Bristlecone Pine high in the mountains of California.
photos on this page courtesy of J. Scott Bovitz. Copyright
J. Scott Bovitz.)
Until the middle of the twentieth century archaeologists
had a real problem. If they found a bit of pottery, an old coin,
or another object while digging up a site, just how old was
it? How could they tell if the object had been dropped on the
ground thirty years ago or thirty centuries ago?
In general, archaeologists knew that the farther
they had to dig down to find an object, the older it probably
was and that objects found at the same level, or stratum, were
close in age. That was helpful when comparing the relative ages
of two items, but how could they get the actual age? And how
could they compare the ages of items found at sites fifty miles
If a society had written records the archaeologists
could compare the history against the type of objects they were
finding in the ground. A coin bearing the likeness of Augustus
Caesar certainly couldn't have minted before Caesar started
his reign. Likewise an Egyptian piece of pottery with a design
depicting horse and chariot couldn't have been made before the
horse was introduced to Egypt.
Using these types of clues archaeologists were
able to construct a firm history for some societies. By matching
pottery between a culture with a known chronology against one
without, they could even hazard a guess about historical dates
when there were no records. This still left scientists wondering
about the age of sites where neither cross-matching of pottery
or written records could be used. That was, until the invention
of radiocarbon dating.
The development of atomic physics in the beginning
of the 20th century allowed scientists to understand the phenomenon
of radioactivity. Radioactivity results when an atom has a combination
of neutrons and protons in its nucleus which is unstable. The
atom will expel particles or energy in an attempt to become
stable. The expelled energy or particles are the radioactivity.
Eventually the atom will change itself into a different substance
which may no longer be radioactive. The time it takes for half
of the atoms in a sample of radioactive material to decay into
another form is known as the "half-life" of the radioactive
material. Different radioactive materials may have half-lives
that range from a few seconds to hundreds of thousands of years.
One naturally-occurring radioactive material found
in the atmosphere is carbon-14. As plants and animals use the
air, their tissues absorb some of the carbon-14. After they
die, though, they no longer absorb the carbon-14 and the material
in their tissues starts to decay.
In 1949 it occurred to a scientist named Willard
Libby that the amount of carbon-14 decay found in an animal
or plant could be used as a gauge of how long it had been dead.
Carbon-14 has a half-life of 5730 years. That meant if Libby
found a sample where the amount of carbon-14 was only half the
amount that might be expected in a living creature, he knew
the age of it would be about 5730 years.
Though archaeologists could not directly use radiocarbon
dating on objects such as coins, they could often find organic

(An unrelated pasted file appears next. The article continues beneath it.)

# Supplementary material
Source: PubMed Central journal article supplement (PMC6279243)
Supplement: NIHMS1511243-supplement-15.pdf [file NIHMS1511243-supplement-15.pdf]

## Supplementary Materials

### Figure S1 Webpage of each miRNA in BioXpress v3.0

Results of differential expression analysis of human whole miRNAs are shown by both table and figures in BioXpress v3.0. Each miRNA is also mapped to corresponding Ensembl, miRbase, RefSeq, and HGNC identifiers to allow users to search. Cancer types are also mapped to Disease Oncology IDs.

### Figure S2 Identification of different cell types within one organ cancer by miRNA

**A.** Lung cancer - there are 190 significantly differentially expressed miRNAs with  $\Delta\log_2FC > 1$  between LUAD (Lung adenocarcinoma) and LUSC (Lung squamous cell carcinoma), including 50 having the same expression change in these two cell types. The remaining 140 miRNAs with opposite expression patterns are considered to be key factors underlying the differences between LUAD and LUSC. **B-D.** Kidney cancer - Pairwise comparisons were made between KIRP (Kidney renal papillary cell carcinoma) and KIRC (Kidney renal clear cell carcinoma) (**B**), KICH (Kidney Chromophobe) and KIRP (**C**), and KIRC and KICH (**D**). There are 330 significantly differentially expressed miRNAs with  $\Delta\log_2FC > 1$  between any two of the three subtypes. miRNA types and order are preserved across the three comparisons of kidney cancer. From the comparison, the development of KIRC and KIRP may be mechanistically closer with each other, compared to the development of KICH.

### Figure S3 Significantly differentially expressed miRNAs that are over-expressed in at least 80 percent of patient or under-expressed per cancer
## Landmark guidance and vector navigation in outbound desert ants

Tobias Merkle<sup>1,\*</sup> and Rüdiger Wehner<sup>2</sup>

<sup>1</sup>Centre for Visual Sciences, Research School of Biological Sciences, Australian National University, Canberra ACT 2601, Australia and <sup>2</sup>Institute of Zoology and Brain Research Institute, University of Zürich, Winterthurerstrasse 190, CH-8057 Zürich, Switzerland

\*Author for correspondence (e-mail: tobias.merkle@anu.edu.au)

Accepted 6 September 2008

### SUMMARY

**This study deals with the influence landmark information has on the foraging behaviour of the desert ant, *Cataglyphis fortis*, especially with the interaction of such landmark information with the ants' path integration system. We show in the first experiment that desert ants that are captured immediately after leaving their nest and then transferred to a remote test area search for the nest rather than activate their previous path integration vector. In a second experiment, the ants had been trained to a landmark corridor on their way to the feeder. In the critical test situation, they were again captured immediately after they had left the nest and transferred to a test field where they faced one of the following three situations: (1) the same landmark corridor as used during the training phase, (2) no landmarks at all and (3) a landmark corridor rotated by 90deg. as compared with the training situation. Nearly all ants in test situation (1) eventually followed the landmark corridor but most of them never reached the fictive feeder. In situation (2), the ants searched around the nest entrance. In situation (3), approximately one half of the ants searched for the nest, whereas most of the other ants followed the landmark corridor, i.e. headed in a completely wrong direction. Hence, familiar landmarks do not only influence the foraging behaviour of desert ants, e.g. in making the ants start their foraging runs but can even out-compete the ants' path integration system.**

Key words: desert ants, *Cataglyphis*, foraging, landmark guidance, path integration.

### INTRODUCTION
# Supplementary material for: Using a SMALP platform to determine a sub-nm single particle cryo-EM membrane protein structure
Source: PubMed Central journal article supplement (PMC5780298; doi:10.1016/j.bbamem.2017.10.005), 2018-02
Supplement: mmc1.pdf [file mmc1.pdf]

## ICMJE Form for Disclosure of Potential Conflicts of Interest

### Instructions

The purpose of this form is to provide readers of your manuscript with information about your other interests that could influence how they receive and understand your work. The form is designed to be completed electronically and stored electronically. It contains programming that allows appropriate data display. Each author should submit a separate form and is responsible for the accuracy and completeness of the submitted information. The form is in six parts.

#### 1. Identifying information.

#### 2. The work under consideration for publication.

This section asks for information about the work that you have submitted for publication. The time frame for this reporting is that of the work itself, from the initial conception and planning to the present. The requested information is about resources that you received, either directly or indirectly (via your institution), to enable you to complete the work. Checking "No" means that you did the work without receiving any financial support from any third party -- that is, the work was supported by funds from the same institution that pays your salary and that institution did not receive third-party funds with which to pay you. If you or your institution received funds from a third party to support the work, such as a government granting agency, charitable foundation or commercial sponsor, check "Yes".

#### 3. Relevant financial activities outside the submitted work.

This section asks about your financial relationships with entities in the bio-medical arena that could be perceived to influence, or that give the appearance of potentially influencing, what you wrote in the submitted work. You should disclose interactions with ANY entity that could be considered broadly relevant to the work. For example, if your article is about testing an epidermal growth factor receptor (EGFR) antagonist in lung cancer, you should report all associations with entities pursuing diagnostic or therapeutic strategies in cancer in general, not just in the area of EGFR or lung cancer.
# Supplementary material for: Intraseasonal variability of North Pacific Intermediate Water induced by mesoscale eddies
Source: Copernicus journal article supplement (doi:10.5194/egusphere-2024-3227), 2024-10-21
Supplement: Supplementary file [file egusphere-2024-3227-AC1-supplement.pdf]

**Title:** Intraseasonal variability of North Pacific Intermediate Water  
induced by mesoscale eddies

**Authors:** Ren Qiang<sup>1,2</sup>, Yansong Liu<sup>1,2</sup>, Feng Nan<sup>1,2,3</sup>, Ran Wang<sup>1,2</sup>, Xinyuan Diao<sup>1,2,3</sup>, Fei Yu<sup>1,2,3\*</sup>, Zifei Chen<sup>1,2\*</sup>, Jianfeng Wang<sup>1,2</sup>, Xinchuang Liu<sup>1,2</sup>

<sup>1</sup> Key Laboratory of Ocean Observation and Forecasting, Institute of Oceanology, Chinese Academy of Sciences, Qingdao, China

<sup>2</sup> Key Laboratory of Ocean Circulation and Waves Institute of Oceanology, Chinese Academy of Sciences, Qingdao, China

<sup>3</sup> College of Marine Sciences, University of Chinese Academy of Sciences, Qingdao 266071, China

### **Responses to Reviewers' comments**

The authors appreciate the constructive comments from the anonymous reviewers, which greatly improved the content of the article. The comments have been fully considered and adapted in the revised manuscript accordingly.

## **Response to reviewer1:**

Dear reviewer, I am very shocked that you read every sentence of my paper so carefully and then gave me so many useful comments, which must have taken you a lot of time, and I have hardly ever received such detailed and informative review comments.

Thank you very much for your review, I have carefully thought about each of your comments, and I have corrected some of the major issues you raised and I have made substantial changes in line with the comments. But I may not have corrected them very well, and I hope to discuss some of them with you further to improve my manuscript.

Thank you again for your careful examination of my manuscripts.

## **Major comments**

material (like charcoal from a fire) on the same stratum at
a site as the object. In this way the age of the coin, or any
other non-organic item, might be inferred from the age of the
When scientists began to use this method to find
the age of sites they ran into a problem. The new radiocarbon
numbers didn't seem to jibe with the written records. In some
cases they seemed to be hundreds of years off.
In an attempt to understand the differences, scientists
looked towards the bristlecone pines of California. These trees
are thought to be the oldest living things on Earth and some
have ages of almost 5,000 years. Fortunately the bristlecone
pine, like other trees, lays down a growth ring every year.
Each growth ring turned out to be a measure of the amount of
carbon-14 in the atmosphere during that year. What scientists
hadn't understood was that the amount of carbon-14 in the atmosphere
wasn't constant, but changed. This meant that the living organisms
had different levels of carbon-14 in their tissues depending
on the year in which they died. This explained why the early
radiocarbon dates didn't match up with the written records.
With a record of the amount of carbon-14 found
in the atmosphere available through the pines, scientists were
then able to calibrate the test and get dates that matched their
written records. The bristlecone pine is such a tough tree that
its wood can survive intact for a long time after it is dead.
By comparing the growth rings of living bristlecone pines with
ones dead for many years, scientists have been able to extend
the calibration chart back about 11,000 years.
The radiocarbon dating method has been invaluable
in helping scientists date archaeological sites where no other
method was available and confirm dates at other locations. Some
of these sites include Stonehenge,
in England, Mystery Hill, in the
United States, and Easter Island in
bristlecone pine trunks like this one hold the key to getting
accurate radiocarbon dates as far back as 11,000 years. (Photo
by J. Scott Bovitz)
Krystek 1997. All Rights Reserved.